A mass of saltwater from the Gulf of Mexico is forcing its way up the drought-stricken Mississippi River, threatening drinking water supplies for some 900,000 Louisiana residents and leaving officials scrambling to mitigate the effects of the intrusion.
"This is a very challenging situation, where salt water is intruding upstream," Louisiana Gov. John Bel Edwards said at a Sept. 22 press conference alongside state and local leaders, emergency officials, and representatives of the U.S. Army Corps of Engineers.
Mr. Edwards, a Democrat, said the Army Corps has been working to mitigate the problem but that there hasn't been enough relief from the dry conditions affecting the region, "so that intrusion is worsening."
New Orleans Mayor LaToya Cantrell signed an emergency declaration for the city on Sept. 22, while Mr. Edwards said he plans to ask Washington to declare an emergency so that Louisiana can get federal aid.
"I can tell you in the next couple of days, we will be requesting an emergency declaration from the federal government as well for the purpose of getting more federal agencies involved to the extent that can be helpful," Mr. Edwards said.
Drinking Water in FocusNormally, freshwater flows downriver along the Mississippi River and pushes against the salty water in the Gulf of Mexico, keeping it at bay.
But historically low rainwater in the Mississippi River basin has led to a drought, undermining the river's ability to prevent salty water from intruding—and posing a risk to drinking water supplies.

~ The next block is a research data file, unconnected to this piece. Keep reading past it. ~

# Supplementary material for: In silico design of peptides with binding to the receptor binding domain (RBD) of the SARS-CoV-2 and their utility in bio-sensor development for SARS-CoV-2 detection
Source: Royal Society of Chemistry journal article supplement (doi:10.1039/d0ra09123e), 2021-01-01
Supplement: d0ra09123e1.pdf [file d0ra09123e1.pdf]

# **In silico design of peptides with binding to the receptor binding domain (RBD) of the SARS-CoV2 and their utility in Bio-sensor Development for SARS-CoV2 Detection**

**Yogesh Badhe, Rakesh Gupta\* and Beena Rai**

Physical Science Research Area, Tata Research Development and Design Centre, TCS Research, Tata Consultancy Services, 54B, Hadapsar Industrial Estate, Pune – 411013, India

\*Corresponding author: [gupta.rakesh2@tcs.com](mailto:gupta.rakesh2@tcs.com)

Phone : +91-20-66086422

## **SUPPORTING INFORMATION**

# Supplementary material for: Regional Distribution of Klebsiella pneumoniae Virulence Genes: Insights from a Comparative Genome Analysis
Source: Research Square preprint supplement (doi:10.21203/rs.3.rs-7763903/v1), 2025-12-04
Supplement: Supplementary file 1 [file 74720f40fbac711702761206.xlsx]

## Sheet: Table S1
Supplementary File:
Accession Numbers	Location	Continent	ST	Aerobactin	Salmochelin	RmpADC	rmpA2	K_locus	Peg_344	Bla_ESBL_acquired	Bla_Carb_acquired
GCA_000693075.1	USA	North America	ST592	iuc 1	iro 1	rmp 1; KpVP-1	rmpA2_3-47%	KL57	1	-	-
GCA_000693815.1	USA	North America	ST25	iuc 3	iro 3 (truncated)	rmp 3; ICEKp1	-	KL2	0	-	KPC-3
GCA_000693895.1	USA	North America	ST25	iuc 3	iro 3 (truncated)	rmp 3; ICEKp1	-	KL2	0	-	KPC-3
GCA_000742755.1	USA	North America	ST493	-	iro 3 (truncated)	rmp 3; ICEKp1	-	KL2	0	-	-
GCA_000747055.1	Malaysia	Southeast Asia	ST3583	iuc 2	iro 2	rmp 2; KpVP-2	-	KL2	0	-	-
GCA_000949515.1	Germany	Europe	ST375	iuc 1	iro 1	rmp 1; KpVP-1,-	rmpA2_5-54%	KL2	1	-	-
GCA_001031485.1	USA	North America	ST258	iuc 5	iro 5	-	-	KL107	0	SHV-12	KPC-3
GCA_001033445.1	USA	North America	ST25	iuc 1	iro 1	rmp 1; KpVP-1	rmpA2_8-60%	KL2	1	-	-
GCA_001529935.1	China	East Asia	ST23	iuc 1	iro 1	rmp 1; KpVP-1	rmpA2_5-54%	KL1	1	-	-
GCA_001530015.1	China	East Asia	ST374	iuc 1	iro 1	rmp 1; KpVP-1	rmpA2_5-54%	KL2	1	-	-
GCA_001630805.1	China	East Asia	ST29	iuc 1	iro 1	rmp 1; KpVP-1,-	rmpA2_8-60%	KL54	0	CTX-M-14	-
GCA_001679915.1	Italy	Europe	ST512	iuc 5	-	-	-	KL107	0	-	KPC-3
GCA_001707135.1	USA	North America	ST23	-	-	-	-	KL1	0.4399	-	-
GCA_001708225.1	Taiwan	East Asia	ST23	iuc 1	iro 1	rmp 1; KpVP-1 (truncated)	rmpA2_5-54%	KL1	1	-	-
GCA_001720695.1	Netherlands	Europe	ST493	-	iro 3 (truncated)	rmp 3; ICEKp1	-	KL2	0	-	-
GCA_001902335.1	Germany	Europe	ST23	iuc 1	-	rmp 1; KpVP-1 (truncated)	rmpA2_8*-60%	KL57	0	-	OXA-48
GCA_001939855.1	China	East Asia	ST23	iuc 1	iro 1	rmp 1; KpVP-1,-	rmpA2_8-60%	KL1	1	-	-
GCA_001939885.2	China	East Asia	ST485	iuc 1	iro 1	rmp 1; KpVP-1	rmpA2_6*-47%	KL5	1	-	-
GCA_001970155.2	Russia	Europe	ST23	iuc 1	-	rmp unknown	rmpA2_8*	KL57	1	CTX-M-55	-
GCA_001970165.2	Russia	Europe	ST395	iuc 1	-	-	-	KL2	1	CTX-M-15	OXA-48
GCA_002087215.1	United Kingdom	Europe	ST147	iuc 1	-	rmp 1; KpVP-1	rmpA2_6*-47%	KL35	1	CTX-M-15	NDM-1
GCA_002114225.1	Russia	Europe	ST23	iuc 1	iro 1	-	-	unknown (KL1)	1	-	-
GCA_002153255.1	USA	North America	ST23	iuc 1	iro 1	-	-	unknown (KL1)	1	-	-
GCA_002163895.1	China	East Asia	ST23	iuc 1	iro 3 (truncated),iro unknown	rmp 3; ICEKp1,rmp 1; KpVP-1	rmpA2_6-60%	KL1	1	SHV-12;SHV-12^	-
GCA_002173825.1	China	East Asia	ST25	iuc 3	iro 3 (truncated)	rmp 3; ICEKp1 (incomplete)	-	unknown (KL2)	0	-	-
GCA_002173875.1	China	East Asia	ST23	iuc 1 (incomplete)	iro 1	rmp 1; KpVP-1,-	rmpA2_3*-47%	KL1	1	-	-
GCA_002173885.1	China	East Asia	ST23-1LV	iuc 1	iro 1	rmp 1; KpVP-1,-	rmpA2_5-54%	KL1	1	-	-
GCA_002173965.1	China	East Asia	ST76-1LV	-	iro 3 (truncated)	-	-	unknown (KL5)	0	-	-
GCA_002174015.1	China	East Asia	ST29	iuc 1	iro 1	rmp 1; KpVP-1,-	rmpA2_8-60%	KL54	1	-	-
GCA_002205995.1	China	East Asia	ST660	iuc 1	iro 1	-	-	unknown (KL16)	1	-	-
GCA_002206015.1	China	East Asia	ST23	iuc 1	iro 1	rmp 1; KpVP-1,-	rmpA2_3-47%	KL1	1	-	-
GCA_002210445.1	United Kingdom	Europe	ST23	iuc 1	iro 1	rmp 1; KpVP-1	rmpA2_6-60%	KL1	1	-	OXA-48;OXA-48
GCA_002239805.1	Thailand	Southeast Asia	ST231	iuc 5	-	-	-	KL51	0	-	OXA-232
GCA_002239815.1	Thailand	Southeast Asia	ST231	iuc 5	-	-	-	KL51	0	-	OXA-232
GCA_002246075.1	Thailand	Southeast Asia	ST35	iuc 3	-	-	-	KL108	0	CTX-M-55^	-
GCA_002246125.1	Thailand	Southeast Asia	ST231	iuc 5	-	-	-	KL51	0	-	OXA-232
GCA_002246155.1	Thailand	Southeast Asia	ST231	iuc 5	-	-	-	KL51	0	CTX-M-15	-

"There is no need for panic," Mr. Edwards said, noting that officials are working to mitigate the effects of the saltwater wedge and, at this stage, ensuring that drinking water supplies are of the highest priority.
Municipalities in southeast Louisiana, including New Orleans, all get their drinking water from the Mississippi River and the saltwater wedge threatens to contaminate the freshwater intake.
"Obviously, the most important thing to do is to ensure that we have enough safe drinking water for the people in the area of concern," he said.
The wedge of saltwater has traveled nearly 15 miles inland up the river in just seven days, according to Col. Cullen Jones, commander and district engineer of the Army Corps of Engineers New Orleans District.
Col. Jones said saltwater intrusion occurs when the Mississippi River gets down to about 300,000 cubic feet per second of flow. Currently, it's much lower—around 148,000 cubic feet per second.
Mitigation EffortsCol. Jones said the state and the Army Corps of Engineers are working to add 25 feet of height to a 1,500-foot-wide underwater levee in the Mississippi River, which was built in July to slow the intrusion.
He said he expects that construction would take about 24 days and delay the progression of the saltwater wedge by 10 to 15 days.
However, Col. Jones noted that without significant rain, the underwater levee will be overtopped and that there's a plan in place to transport freshwater by barge to local water treatment plants.
"Concurrently, we are establishing the capability for barging freshwater to municipal water treatment facilities to support local production of safe drinking water,” Col. Jones said.
Initially, 15 million gallons are expected to be barged in this week, Col. Jones said. Plans are to increase that to as much as 36 million gallons per day, as needed.
Mr. Edwards said there also are operations to deliver bulk bottled water, while reverse osmosis water purification units are being brought online.
A health official said at the press conference that when the amount of salt (sodium chloride) exceeds 250 parts per million, water systems will put out a health advisory.
However, he noted that for taste reasons, the vast majority of people would stop drinking the water "well before it becomes a danger to your health."
There have already been reports of people rushing to stock up on bottled water in parts of Louisiana.
Mr. Edwards said at the press conference that "it is not necessary to go and buy large amounts of bottled water at the store," noting that there's no shortage of bottled water in the state and businesses have been asked to boost their inventories.